U.S.-China Working on a Level Playing Field for Clean Energy Players

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By Vivian Ni

Nov. 23 – China will still attach great importance to its strategic industries, but the country also pledged to provide equal market access to both domestic and foreign clean energy suppliers, according to the U.S. Commerce Secretary John Bryson, who just met Chinese Vice Premier Wang Qishan at the two-day meeting of the U.S.-China Joint Commission on Commerce and Trade (JCCT) held in the southwestern city of Chengdu.

A series of agreements were signed by the two sides on Monday, covering areas that include energy cooperation and the trading of high-tech products. The agreements also included a memorandum of understanding on creating a “commercial matchmaking” program between the U.S. Department of Commerce (DoC) and a Chinese trade promotion association, according to a report by MarketWatch.

The Chinese government’s improper support of its domestic green tech industries has been growing into a major concern for foreign players. In the face of such complaints, Chinese officials confirmed that foreign enterprises will be equally eligible for subsidies or other preferential policies for new energy vehicles (NEVs). In addition, Beijing also promised not to require foreign NEVs to transfer technology or help establish domestic brands – two factors many foreign automakers have worried might be imposed as preconditions to their China market entry.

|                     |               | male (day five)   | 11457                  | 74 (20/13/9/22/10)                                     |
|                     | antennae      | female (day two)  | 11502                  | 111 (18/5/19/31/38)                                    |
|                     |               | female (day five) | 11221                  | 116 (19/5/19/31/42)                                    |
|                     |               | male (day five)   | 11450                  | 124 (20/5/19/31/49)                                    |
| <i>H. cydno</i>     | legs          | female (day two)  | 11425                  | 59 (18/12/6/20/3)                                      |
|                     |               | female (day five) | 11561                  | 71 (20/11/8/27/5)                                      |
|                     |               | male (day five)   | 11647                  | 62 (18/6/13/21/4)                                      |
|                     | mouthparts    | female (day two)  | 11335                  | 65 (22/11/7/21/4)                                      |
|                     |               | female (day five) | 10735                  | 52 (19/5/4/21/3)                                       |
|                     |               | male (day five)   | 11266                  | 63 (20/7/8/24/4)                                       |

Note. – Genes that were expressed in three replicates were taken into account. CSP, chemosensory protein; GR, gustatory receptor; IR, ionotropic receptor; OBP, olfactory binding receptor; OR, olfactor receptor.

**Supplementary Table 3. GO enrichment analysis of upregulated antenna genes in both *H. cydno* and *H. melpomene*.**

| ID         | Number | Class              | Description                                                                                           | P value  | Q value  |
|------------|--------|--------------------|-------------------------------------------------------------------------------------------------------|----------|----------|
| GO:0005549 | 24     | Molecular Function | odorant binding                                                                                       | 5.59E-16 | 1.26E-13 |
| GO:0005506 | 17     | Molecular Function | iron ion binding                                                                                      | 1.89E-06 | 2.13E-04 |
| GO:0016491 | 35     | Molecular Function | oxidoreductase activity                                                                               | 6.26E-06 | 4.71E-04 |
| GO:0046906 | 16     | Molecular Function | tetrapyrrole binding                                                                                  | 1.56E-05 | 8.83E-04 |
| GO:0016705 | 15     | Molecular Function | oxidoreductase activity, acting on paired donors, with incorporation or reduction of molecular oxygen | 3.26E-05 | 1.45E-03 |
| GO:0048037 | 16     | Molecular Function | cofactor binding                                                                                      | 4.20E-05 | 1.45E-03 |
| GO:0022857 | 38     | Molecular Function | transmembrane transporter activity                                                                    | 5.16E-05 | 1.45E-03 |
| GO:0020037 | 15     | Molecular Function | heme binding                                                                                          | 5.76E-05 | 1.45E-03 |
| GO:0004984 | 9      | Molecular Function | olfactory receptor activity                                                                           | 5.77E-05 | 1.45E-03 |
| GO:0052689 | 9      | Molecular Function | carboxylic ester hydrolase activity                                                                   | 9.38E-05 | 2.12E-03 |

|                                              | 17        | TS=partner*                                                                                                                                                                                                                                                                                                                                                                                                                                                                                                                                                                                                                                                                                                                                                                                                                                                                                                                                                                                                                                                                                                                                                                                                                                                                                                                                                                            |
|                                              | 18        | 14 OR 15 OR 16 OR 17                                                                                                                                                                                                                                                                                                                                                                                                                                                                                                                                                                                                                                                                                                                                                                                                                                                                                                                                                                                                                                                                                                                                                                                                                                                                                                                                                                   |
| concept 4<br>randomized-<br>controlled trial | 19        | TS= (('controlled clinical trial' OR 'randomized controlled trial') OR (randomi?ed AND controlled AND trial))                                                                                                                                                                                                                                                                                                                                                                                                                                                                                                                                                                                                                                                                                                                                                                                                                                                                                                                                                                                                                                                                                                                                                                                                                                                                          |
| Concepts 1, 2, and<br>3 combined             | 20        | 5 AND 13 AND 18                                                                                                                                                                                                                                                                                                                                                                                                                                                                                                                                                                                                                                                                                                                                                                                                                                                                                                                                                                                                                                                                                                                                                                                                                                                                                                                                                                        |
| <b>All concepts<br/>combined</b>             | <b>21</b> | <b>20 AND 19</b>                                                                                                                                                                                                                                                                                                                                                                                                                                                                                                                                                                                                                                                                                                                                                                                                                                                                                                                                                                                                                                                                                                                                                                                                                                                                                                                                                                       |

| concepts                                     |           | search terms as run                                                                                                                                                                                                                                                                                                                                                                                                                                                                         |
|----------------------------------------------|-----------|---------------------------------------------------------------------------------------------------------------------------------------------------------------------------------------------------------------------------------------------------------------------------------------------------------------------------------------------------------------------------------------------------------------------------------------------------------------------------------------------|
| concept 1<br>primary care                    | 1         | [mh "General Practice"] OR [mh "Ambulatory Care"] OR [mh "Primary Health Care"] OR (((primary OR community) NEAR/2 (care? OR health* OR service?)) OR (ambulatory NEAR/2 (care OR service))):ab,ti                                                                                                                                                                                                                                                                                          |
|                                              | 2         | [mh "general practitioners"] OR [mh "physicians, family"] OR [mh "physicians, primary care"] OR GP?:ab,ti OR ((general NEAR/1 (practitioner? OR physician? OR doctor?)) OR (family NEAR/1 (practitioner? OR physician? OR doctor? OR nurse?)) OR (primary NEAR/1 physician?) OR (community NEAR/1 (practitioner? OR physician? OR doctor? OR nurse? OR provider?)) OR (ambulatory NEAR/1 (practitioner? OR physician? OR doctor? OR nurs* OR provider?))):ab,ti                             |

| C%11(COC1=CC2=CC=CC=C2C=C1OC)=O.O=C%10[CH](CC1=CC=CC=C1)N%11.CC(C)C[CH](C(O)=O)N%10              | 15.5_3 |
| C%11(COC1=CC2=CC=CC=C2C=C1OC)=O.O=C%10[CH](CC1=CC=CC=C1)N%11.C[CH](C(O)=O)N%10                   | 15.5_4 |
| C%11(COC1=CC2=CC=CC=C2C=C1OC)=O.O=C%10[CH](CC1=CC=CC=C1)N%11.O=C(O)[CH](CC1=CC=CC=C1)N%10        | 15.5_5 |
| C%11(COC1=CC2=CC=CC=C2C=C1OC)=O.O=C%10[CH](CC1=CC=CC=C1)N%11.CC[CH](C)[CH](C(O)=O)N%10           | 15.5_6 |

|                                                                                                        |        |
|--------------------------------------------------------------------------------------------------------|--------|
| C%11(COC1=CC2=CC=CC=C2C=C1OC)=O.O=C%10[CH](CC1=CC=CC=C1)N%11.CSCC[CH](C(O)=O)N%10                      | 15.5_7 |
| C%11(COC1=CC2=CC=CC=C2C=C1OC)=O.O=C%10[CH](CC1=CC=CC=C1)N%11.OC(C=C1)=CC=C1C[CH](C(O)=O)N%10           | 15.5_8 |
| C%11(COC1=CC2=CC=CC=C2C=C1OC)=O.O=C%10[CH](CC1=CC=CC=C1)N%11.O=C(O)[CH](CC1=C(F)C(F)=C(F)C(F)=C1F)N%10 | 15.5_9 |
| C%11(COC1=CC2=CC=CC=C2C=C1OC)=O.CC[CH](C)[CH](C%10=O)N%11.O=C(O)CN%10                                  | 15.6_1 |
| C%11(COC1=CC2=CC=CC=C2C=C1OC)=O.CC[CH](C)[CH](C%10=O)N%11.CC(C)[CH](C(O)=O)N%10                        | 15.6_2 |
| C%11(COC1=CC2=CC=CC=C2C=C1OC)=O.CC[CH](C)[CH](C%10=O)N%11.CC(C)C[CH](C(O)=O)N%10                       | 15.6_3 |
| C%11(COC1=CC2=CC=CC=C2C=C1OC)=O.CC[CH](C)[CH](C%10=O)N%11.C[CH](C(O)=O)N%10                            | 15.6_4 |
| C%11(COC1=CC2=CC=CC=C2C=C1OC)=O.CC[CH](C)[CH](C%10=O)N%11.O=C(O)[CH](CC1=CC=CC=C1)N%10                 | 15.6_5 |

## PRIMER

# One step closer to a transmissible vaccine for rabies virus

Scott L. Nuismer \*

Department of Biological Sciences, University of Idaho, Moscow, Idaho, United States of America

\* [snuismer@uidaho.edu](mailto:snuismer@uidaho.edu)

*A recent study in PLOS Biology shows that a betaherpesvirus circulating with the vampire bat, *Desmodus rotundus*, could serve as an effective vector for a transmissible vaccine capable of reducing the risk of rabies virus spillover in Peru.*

China’s pledges to maintain a level playing field came shortly after a recent trade case the DoC opened against China’s solar panel makers. While this time around, Chinese solar panel manufacturers have little hope to stop the DoC from imposing a punitive tariff of 50 percent to 250 percent on Chinese solar panel imports, China is looking to file its own anti-dumping and anti-subsidy case against the United States at a later date – possibly against the U.S. exports of polysilicon, says a report by the New York Times.

China’s potential retaliation in the trade case is only one among many other issues indicating that trade tensions between the two countries may not be defused so easily. The United States has long complained that China’s artificially low local currency is hurting U.S. exporters and its domestic job market, while China is uneasy about Washington’s continuous moves to expand its political and economic presence in Asia.

Well aware that these fundamental issues may not find resolution any time soon, the JCCT has aimed to focus on individual policy disputes. In previous meetings, leaders from both sides have reached agreements to reduce barriers to imports of U.S. beef and to crack down on rampant Chinese software piracy.

Furthermore, the two countries will continue their joint efforts to fight against intellectual property right (IPR) infringement in China following this year’s meeting. Beijing has established a State Council-level leadership structure to lead and coordinate IPR enforcement across China. It has also committed more measures that will further promote the use of licensed software in governments and enterprises, according to a statement by the Office of the U.S. Trade Representative.

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